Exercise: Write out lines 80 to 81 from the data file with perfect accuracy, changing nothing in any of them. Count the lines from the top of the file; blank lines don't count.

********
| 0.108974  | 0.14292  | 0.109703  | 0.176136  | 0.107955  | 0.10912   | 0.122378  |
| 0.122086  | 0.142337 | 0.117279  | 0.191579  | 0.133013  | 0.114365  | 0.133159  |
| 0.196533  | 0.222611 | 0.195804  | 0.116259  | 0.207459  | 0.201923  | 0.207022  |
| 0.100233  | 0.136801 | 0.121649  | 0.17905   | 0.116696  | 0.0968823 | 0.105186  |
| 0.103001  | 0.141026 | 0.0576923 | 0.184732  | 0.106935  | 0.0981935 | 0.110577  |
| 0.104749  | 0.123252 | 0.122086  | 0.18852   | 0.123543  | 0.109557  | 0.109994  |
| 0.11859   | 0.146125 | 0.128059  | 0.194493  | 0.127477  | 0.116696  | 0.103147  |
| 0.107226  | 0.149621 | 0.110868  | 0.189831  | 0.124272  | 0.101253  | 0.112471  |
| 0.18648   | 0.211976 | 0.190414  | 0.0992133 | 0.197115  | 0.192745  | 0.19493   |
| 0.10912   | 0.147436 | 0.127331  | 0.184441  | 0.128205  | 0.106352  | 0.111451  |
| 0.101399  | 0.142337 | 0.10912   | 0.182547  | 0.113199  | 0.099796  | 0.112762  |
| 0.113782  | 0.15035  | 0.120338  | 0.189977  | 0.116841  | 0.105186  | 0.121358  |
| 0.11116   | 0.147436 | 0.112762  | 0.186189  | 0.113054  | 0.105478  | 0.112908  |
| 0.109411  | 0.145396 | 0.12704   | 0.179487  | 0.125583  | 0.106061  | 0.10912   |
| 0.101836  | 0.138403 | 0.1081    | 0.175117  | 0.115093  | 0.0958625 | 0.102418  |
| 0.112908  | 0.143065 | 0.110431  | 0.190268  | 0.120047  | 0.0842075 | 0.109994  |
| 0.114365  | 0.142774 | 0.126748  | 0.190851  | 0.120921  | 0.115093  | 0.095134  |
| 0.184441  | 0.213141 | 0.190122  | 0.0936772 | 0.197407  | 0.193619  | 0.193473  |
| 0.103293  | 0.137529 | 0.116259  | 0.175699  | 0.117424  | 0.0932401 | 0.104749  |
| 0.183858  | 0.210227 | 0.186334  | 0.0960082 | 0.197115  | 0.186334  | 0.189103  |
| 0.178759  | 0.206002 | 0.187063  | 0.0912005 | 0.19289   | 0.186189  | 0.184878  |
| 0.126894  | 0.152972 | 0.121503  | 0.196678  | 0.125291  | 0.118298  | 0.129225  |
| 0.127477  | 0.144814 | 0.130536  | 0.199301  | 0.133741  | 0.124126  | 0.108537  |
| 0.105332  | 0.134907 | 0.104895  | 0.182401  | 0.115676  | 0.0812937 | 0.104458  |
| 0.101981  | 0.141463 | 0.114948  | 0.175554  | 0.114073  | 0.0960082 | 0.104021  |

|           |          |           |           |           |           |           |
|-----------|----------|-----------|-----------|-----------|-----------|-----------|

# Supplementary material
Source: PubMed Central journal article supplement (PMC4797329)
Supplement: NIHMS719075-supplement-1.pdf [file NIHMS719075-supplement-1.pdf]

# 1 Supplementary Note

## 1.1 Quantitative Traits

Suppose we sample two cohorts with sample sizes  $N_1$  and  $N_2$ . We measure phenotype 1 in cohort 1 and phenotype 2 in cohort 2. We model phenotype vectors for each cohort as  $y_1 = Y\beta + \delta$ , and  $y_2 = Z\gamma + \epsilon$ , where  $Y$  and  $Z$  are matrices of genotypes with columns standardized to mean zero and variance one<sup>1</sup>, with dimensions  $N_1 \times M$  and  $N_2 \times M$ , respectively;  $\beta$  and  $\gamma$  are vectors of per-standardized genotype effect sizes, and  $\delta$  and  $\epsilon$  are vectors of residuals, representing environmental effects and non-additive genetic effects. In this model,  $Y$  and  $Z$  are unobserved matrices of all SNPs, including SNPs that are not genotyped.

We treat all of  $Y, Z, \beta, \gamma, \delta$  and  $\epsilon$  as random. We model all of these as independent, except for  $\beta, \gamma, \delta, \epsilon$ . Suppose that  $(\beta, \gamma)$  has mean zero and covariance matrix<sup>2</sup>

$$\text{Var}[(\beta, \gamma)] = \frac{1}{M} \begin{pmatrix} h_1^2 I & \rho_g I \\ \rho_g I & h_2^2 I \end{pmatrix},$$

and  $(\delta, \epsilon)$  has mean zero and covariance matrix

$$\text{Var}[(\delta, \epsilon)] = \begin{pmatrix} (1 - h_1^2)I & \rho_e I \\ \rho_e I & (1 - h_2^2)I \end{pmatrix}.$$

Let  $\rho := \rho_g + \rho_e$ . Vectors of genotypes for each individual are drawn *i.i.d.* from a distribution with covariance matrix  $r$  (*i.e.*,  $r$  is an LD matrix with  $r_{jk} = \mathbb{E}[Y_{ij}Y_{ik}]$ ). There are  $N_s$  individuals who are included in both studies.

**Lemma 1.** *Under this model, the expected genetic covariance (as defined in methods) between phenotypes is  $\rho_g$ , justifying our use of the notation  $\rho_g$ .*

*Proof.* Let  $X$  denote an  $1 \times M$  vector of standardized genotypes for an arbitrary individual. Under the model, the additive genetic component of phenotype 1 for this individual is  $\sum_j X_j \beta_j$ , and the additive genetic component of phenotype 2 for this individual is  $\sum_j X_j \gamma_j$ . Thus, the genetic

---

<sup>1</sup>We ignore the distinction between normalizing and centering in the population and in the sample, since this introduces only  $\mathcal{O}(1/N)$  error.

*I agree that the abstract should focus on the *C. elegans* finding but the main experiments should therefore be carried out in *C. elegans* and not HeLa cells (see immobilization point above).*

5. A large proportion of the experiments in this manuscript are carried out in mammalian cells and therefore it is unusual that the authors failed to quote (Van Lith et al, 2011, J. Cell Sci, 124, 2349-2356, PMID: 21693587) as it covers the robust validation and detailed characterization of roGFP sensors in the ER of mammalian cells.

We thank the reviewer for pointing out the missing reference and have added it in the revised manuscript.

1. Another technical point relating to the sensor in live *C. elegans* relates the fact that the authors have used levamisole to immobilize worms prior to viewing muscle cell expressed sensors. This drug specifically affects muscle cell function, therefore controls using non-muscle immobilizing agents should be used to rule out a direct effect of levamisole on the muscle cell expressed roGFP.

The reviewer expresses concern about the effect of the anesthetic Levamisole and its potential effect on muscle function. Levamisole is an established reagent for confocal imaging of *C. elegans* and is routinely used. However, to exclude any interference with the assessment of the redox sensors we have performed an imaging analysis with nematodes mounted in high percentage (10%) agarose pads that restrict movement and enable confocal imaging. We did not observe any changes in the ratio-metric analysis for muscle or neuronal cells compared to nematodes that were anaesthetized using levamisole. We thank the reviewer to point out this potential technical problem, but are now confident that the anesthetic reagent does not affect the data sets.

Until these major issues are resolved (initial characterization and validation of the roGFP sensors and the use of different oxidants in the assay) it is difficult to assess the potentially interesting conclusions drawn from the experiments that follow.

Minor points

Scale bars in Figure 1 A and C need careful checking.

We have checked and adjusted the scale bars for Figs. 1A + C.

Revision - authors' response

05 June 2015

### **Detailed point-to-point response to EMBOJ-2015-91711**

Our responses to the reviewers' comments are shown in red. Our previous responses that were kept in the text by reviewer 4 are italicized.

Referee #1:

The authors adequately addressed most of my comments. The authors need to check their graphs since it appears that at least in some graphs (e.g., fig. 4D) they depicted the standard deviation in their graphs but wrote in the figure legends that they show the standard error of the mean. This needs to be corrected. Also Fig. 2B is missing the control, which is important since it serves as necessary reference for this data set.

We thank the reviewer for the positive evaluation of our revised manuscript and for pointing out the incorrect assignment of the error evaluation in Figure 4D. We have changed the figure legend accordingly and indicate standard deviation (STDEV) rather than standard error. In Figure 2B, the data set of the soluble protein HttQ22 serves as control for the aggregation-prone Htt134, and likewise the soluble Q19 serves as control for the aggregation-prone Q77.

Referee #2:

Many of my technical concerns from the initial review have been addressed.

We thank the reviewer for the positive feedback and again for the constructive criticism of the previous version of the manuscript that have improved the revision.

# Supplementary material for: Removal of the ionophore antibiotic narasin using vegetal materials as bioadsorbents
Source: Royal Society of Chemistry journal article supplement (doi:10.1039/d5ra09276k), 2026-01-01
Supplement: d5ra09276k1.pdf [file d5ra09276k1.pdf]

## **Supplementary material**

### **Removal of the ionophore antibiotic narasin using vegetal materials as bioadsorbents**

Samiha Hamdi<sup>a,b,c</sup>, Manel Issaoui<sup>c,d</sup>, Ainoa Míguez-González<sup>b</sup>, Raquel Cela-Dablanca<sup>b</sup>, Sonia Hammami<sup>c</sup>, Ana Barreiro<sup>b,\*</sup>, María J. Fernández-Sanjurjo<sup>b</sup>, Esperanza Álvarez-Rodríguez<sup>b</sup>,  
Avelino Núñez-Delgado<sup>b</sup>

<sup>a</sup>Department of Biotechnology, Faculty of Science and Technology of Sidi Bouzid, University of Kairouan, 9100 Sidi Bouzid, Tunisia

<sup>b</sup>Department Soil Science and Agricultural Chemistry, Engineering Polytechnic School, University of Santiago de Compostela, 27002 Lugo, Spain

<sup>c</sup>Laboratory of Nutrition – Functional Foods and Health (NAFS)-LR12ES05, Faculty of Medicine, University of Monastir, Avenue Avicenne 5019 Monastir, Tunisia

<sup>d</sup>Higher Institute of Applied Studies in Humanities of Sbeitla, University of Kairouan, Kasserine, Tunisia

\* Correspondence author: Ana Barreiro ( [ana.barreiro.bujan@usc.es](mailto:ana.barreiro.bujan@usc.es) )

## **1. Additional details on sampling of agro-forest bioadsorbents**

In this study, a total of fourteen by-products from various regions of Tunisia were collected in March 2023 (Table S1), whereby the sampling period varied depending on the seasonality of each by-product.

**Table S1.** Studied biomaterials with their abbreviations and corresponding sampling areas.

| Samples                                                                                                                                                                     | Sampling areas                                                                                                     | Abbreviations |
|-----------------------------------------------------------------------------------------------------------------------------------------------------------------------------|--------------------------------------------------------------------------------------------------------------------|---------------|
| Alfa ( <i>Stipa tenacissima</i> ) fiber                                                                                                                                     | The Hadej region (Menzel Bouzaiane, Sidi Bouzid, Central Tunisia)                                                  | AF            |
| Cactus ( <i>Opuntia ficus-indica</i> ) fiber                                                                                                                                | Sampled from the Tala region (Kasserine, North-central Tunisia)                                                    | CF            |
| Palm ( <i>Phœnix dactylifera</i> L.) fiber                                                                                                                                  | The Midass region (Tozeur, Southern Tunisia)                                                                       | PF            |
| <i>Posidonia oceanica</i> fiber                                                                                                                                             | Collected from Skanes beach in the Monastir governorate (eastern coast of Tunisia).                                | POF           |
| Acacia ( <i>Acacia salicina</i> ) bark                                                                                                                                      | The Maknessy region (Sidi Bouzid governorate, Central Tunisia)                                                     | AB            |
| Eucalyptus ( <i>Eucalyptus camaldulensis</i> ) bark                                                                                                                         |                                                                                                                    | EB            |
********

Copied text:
| Cactus ( <i>Opuntia ficus-indica</i> ) fiber                                                                                                                                | Sampled from the Tala region (Kasserine, North-central Tunisia)                                                    | CF            |
| Palm ( <i>Phœnix dactylifera</i> L.) fiber                                                                                                                                  | The Midass region (Tozeur, Southern Tunisia)                                                                       | PF            |